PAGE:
Insurance status was comparable between the surgical and nonsurgical groups with 94.3% of patients insured in the SSRF group and 87.4% covered in the MCG (P = 0.1). Calculated mean SI value in our patients was 66%, meaning that only two-thirds of fractured ribs in the SSRF group were surgically stabilized.
There were a total of 21 surgeons that were involved in the treatment of patients with RFX, either as consultants (15 physicians) or operators (6 physicians). Of the 6 active operators, 2 were working at both institutions, therefore contributing to the uniformity of treatment decisions. Operators were recommending SSRF in 65% of their patients, whereas consultants were advising surgery in 45% of their cases.
Patients in both SSRF and MCG groups were predominantly male, had similar age, mean number of fractured ribs, segmental distribution of RFX, and frequency of bilateral RFX. However, the mean number of total fractures of the ribs was significantly higher in SSRF patients. Despite the fact that the 2 groups had identical ISS, mortality was statistically significantly lower in the SSRF group than in the MCG (Table 1). First rib fracture was encountered similarly often in both groups. This confirms the notion that upper ribs do not contribute considerably to the chest wall stability, while requiring technically challenging access and therefore are not routinely operated upon.4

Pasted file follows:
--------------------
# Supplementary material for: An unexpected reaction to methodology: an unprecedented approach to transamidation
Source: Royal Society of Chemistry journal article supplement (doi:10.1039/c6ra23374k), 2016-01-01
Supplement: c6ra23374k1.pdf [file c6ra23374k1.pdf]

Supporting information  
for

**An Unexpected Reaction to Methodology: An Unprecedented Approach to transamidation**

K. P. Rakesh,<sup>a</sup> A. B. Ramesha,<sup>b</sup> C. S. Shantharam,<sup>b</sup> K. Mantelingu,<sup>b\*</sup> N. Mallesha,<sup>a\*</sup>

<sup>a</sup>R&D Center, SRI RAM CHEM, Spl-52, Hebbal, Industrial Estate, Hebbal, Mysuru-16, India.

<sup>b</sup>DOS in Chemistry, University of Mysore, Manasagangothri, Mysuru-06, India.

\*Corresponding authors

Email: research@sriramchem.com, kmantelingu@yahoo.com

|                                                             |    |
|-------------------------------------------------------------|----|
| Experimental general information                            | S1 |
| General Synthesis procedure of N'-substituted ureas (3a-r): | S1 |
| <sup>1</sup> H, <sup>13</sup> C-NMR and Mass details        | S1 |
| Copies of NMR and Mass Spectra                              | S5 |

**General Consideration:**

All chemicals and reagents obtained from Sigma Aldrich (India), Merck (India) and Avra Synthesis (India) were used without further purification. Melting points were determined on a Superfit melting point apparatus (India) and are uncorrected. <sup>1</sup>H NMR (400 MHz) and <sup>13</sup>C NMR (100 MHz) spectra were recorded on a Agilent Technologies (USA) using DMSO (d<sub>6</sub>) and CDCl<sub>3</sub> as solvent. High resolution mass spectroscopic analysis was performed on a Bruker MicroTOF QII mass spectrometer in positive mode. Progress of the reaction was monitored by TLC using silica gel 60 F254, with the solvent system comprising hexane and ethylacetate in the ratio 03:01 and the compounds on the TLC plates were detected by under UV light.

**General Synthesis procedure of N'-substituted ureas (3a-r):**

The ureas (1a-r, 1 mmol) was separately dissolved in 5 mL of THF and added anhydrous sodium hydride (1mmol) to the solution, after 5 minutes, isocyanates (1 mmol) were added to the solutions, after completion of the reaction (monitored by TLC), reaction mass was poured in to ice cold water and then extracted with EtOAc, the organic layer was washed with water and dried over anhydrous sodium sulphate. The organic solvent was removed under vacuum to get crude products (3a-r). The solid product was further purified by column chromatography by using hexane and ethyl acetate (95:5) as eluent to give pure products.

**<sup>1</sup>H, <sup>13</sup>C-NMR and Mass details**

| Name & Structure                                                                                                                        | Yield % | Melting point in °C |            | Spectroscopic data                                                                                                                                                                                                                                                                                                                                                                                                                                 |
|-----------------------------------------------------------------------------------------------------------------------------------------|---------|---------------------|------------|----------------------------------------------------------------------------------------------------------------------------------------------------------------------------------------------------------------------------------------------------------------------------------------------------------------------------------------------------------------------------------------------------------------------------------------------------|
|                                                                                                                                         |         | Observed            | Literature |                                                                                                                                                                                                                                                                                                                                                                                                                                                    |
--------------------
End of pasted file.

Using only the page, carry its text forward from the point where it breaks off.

Predictably, displacement of the fragments played an important role in the decision for SSRF. Displaced RFX were present significantly more often in the SSRF group. The calculated SI among our SSRF patients of 66% is in agreement with previously reported values of 0.6 in patients treated with plating and 0.71 in those cases treated with intramedullary fixation.7–9 These SI reflect the reality that not all of fractured ribs need to be plated to achieve a stable thoracic wall. In a prospective, controlled clinical evaluation of SSRF in patients with severe RFX, Pieracci et al9 described as 5.0, the median number of ribs stabilized. Taylor et al10 reported 5.0 ribs instrumented, with a mean of 5.8 plates placed per patient, whereas among our patients, there was a mean of 4.3 ribs plated. Marasco et al7 described the median number of ribs stabilized by intramedullary fixation per patient being 5.
Analysis of the distribution of RFX revealed that ribs on the left side were fractured more frequently (Fig. 1). Also, the left side was stabilized surgically more often than the right side (61.3% vs. 52.5%). On both sides, ribs 4 to 7 were broken and plated most often.
One of our major findings was that HLOS, ICULOS, and DMV were statistically significantly longer in SSRF patients compared with the MCG.
Comparison of co-injuries between groups revealed a very similar array of co-injuries in the SSRF and the MCG with pulmonary co-injuries being the most common, followed by orthopedic co-injuries. Pulmonary co-injuries were statistically significantly more frequent in SSRF patients (see Supplemental Digital Content 1, Table, http://links.lww.com/JOT/A510).
The main indications, although relative, for SSRF have been described as (1) flail chest, (2) failure to control pain, (3) respiratory failure due to chest wall injury/pain, (4) chest wall deformity and noticeable loss of thoracic volume.11–13 Considerations for SSRF are usually stronger with multiple RFX and particularly with presence of displaced RFX. Traditional contraindications, in addition to traumatic brain injury, include PC (so called parenchymal pathology).11,14